Alternative treatments like the yarrow wrap are the order of the day at the Paracelsus Spital, in the Swiss town of Richterswil, outside of Zurich. Founded in 1994, the clinic is one of a handful of hospitals in Europe devoted to complementary healing. In addition to orthodox treatments and drugs, the conventionally schooled doctors here also use therapies and medications based on the holistic approach to medicine inspired by the anthroposophy of Waldorf education founder Rudolf Steiner.

“If you want to understand a person’s disease and support his self-healing powers, it’s of central importance to look at the human being as a whole—body, spirit and soul,” says Paracelsus Medical Director Erich Skala. “This may require more time and effort, but it’s how you treat the causes, and not just the symptoms.”

Dr. Daniel Dunphy, of the San Francisco Preventive Medical Group, believes the Paracelsus approach is what the United States needs. “You have to take time to get to know the patients and listen to their stories,” he counsels. “I want to know their personal history, their traumas, how they do at work, what they eat and at what times of the day—and then I know what to do about their problem.”

The Bottom Line

Of course, the bottom line in the debate about health care is cost. Proponents of integrative health argue that the promotion of preventive steps such as eating healthy food and making positive lifestyle changes, as well as using complementary methods to treat the whole person and not just the disease, will result in “the biggest return on investment this nation could ever have,” in the words of William Novelli, a professor at Georgetown University’s McDonough School of Business and the former CEO of AARP.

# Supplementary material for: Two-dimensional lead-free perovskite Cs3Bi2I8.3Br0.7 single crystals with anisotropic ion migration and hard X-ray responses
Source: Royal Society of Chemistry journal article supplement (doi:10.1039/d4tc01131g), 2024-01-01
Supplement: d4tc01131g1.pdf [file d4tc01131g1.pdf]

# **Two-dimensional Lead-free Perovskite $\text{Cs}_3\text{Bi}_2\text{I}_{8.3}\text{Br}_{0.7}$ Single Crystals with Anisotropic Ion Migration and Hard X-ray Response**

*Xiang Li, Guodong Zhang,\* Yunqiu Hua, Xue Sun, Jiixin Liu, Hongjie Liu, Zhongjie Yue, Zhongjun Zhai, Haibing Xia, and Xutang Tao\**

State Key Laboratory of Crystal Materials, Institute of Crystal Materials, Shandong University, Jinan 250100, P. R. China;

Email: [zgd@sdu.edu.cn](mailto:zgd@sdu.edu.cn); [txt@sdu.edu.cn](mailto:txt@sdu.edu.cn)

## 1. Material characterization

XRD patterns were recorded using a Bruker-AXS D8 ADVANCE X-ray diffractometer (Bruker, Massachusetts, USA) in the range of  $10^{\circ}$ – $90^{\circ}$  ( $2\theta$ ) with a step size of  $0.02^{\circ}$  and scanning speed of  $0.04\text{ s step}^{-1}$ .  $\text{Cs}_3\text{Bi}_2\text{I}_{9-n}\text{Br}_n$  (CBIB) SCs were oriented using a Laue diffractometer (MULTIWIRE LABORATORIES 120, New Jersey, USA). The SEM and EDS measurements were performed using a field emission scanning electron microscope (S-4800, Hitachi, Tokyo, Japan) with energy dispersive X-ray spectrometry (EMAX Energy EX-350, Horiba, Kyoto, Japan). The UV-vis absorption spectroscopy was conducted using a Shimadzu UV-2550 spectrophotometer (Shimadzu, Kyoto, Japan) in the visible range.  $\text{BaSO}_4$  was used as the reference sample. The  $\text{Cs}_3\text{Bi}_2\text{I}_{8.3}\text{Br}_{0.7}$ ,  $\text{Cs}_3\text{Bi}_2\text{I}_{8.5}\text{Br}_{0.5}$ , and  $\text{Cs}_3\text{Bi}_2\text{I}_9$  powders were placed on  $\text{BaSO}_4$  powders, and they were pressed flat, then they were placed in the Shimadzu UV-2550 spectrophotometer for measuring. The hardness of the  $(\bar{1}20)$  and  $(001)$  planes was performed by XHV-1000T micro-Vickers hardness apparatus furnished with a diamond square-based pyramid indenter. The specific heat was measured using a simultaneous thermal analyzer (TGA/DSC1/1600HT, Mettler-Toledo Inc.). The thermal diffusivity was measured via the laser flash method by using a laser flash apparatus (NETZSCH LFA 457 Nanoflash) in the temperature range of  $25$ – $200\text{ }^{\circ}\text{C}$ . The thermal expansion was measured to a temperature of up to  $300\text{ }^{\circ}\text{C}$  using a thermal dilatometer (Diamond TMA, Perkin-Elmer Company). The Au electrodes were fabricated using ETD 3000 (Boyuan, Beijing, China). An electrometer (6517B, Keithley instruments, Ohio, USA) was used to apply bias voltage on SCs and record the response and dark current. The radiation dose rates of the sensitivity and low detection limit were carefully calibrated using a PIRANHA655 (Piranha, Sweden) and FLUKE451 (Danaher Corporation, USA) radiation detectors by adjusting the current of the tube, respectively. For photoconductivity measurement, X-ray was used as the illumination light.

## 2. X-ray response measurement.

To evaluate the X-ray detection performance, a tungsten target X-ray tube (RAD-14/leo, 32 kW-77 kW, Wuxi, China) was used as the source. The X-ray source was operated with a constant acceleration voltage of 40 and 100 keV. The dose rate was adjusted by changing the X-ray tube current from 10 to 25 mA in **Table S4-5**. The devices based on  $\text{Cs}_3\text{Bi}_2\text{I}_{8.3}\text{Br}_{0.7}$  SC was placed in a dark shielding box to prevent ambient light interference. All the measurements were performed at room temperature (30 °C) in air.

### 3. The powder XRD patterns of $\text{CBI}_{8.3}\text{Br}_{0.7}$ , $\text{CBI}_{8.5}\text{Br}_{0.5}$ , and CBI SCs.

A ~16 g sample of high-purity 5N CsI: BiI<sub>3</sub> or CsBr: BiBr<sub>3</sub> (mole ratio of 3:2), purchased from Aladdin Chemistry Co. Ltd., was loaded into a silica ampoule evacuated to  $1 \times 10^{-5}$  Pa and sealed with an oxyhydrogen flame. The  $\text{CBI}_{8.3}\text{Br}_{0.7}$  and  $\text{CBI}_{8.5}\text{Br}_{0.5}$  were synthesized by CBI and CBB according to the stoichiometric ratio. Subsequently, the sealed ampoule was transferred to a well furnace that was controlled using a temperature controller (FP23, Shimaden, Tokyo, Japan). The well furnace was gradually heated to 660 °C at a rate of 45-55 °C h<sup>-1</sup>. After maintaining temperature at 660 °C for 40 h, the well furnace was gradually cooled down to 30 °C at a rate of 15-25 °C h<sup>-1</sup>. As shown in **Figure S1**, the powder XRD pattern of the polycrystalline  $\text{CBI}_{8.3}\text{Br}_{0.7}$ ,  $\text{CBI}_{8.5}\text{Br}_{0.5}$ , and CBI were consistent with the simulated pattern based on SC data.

“What we now have is not a health care system;
it’s a medical delivery system.”
- Dr. Daniel Dunphy, San Francisco Preventive Medical Group

Kenneth R. Pelletier, clinical professor of medicine at the University of Arizona School of Medicine and the University of California School of Medicine, has been putting numbers behind the arguments for integrative health. Pelletier has studied the cost-effectiveness of corporate programs to promote health and manage disease among employees. The programs encompassed everything from subsidized gym memberships and smoking cessation classes to biometric screening and serving smaller portions in company cafeterias. Pelletier found that companies with such programs in place realized healthier, more productive workforces, fewer sick days and less staff turnover.

He estimates that it takes, on average, just over three years before firms see a financial return on this kind of investment. “These reviews clearly indicate that comprehensive interventions do evidence both clinical- and cost-effectiveness,” says Pelletier. “There’s a very good payback. It makes us think about health as an investment.”

More money, more pills and more technology don’t necessarily lead to better health. Advocates of integrative medicine generally take a “less is more” approach—less needless medications and medical procedures and more prevention and healthy personal lifestyle changes can add up to big financial savings and big improvements in an individual’s quality of life.


Adapted from an article that first appeared in
Ode, the magazine about positive change. Marco Visscher is the managing editor of Ode, Ursula Sautter and Carmel Wroth are contributors.